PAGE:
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I was recently chatting to a reader who told me he enjoyed my blogs and mentioned that he’d like to see a Guest Blog from Kathy as she is so intimately connected with my work. She was up for it but I did wonder whether I’d done the right thing in inviting her to write whatever she liked, along with her choice of photographs. As any who know her are aware, she can be pretty straight talking.
Funny how things turn out in life: neither of us could have guessed that Julian Stockwin would one day would take his place among the greatest sea writers.
Without any further ado, over to Kathy…
But let us begin at the beginning, when we first met.
I was a brand new educational psychologist rolling up for my first job, at a special centre for disturbed youngsters. I had an appointment with the head of the centre but as it happened he’d been urgently called away and I was told to wait in the staff room. I was a bit flustered as I’d driven over 200 miles from my home town, and had only recently passed my driving test (from a family, I hasten to add, where no-one drove a car…) In the staff room a dark-haired young man came up to me and asked if he could point me to the right room. I apparently curtly told him I knew exactly where I was supposed to be! Later I learned his name, Julian Stockwin; he was also a psychologist and had thought I was one of the hard-case female problem teenagers!
Not a good start. But over the coming months I began to think I had been a little too harsh in my dismissal… He obviously had a huge intellect, and wasn’t all that bad looking, either. And his wicked sense of humour was a plus as well.We became an item. When we got married about a year later we decided to seek adventure on the wider stage and left the little island of Tasmania to live in the Far East. Julian studied cross-cultural psychology at the university of Hong Kong for a time (but was seduced by challenges in the exciting new world of computers) and I took up journalism and eventually became the Asia editor of a worldwide magazine. Julian also revived his service in the navy by joining the Royal Naval Reserve and eventually made lieutenant commander. He was honoured by The Queen for his pioneering work on the naval control of merchant shipping. We had twelve wonderful years in Hong Kong but then an opportunity came for Julian to continue his computer systems design work in the UK. It was a big wrench leaving but in some ways it was a good time to go. China would soon be taking over and we knew the Hong Kong we knew and loved would change.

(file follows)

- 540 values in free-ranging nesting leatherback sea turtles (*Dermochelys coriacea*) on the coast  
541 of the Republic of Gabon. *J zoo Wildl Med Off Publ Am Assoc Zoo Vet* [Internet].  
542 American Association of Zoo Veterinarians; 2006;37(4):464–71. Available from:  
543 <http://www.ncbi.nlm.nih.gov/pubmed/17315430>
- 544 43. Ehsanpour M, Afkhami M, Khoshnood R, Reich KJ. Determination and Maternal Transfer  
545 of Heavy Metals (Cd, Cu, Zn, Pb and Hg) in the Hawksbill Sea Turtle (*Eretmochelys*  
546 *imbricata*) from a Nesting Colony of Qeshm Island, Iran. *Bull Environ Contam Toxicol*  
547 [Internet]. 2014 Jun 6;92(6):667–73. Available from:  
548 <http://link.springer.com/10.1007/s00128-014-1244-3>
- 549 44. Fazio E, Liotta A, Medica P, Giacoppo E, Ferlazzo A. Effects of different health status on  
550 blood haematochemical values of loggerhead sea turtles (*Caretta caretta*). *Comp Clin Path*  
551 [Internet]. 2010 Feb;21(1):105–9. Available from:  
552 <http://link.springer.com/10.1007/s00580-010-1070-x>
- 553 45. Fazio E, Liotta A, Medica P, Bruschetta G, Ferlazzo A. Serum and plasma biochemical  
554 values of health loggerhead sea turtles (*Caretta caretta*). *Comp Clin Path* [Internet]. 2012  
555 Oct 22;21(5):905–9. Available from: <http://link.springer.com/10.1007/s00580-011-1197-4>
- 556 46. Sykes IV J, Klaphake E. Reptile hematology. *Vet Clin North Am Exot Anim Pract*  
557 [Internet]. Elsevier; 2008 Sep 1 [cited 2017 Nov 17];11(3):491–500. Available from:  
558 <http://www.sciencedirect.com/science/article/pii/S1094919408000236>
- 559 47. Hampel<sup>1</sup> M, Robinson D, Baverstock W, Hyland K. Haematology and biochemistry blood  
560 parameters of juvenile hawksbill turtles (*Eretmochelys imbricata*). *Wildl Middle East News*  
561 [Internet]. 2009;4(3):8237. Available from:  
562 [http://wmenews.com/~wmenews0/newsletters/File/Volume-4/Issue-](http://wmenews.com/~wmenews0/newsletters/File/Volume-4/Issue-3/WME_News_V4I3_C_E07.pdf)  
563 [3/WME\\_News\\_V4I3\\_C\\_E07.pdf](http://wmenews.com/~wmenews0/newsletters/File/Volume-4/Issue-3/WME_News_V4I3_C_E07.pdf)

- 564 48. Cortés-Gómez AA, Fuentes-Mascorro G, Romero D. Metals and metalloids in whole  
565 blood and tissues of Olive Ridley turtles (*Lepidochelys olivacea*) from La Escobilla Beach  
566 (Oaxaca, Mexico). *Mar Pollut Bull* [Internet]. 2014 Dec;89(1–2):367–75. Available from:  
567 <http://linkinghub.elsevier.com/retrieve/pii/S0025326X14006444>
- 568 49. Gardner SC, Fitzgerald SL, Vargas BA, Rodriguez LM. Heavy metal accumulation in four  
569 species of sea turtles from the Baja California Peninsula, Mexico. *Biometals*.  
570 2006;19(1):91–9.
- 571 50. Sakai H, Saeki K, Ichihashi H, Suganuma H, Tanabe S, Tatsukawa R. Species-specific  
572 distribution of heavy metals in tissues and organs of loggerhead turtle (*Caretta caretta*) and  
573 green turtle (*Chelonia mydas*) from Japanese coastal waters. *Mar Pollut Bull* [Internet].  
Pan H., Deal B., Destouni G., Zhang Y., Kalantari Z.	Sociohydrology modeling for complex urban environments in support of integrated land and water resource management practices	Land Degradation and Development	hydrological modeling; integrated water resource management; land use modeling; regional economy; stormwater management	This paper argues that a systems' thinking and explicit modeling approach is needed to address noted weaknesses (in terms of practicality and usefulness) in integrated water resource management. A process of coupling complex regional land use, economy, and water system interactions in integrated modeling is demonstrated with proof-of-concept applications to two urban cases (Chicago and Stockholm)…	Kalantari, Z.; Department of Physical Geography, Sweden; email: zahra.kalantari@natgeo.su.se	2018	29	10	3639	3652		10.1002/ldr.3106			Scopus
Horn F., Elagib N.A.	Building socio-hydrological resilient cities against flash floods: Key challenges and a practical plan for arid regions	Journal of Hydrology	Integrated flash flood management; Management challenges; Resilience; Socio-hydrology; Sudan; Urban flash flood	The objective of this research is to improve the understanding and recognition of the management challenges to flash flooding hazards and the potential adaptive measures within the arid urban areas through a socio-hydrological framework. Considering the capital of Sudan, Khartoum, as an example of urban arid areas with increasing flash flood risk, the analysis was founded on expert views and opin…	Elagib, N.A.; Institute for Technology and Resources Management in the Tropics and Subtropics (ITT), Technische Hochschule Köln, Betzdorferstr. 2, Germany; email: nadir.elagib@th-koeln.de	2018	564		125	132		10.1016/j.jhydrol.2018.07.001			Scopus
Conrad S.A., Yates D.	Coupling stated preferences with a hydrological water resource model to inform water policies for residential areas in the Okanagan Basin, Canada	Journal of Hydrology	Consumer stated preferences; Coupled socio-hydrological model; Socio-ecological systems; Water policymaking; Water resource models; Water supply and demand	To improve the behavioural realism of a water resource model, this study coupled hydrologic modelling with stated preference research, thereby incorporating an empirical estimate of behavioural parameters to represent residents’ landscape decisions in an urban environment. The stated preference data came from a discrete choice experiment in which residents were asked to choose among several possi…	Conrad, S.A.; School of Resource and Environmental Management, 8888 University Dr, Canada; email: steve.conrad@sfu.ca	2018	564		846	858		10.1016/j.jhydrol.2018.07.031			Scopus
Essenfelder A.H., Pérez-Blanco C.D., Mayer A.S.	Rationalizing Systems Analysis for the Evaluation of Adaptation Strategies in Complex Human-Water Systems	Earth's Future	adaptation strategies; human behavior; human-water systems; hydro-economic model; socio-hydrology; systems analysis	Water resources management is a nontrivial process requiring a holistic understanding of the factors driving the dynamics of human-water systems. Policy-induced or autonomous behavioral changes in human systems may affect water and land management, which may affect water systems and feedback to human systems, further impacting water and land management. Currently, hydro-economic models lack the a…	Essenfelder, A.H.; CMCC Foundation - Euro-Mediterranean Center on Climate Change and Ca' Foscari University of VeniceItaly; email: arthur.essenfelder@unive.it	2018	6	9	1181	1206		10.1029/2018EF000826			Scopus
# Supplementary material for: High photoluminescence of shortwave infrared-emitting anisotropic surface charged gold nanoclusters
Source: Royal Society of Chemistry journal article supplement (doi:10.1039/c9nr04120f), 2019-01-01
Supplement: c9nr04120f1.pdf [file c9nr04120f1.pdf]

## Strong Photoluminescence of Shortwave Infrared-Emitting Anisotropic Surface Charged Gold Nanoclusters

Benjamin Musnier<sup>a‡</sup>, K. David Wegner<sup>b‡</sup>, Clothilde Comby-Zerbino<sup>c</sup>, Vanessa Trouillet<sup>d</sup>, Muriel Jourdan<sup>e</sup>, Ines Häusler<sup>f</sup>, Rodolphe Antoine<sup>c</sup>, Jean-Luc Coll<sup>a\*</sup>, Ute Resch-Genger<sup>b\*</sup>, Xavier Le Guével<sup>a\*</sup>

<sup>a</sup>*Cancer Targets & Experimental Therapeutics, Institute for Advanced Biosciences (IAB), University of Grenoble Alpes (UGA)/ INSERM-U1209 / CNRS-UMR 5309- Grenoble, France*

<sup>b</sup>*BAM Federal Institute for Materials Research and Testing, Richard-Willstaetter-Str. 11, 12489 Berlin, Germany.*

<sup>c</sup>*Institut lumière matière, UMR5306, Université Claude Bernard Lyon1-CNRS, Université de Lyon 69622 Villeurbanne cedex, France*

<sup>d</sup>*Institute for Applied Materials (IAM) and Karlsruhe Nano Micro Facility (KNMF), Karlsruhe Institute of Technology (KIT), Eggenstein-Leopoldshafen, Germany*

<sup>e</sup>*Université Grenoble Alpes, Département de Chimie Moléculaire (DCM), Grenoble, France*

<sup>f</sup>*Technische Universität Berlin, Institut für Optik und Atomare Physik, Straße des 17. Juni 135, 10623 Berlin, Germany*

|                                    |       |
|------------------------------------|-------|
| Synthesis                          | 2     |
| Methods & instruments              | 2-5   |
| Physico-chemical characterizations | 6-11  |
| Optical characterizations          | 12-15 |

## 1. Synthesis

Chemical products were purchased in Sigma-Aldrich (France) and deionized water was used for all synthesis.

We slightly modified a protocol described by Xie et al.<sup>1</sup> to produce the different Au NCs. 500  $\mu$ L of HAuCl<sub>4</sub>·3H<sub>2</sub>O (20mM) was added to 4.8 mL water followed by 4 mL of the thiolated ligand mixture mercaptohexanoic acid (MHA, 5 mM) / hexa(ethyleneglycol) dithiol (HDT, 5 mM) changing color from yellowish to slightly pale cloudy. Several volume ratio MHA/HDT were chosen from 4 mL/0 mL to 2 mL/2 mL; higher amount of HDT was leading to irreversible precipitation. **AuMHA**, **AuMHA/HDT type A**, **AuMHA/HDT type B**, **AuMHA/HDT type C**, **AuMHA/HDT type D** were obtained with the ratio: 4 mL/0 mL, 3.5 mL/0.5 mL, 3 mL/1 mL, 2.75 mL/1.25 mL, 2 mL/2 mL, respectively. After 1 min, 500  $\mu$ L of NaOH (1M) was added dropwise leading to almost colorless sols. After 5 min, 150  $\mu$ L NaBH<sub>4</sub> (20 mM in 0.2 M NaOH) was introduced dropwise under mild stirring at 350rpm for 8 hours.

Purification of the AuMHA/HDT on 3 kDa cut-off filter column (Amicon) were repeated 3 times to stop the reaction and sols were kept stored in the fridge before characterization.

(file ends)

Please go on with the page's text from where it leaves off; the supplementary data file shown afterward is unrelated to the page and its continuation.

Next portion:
In the UK I had a number of interesting roles – running a customer service department, executive headhunting, and work in the retail sector. Julian, meanwhile, was developing specialist systems that would go on to be adopted by NATO.
However it was a very stressful environment for him and after the project was successfully completed I knew it was time to take stock. To this day I’m not quite sure why I suggested he try his hand at writing a book. The only ‘writing’ he’d done was business reports. Female intuition? Or perhaps my days as an editor had given me a sense of innate writing ability. Anyway, after initial resistance, we decided on a plan. He’d give up the computer systems design and take a half-time job lecturing while he applied himself to learning the craft of writing a book.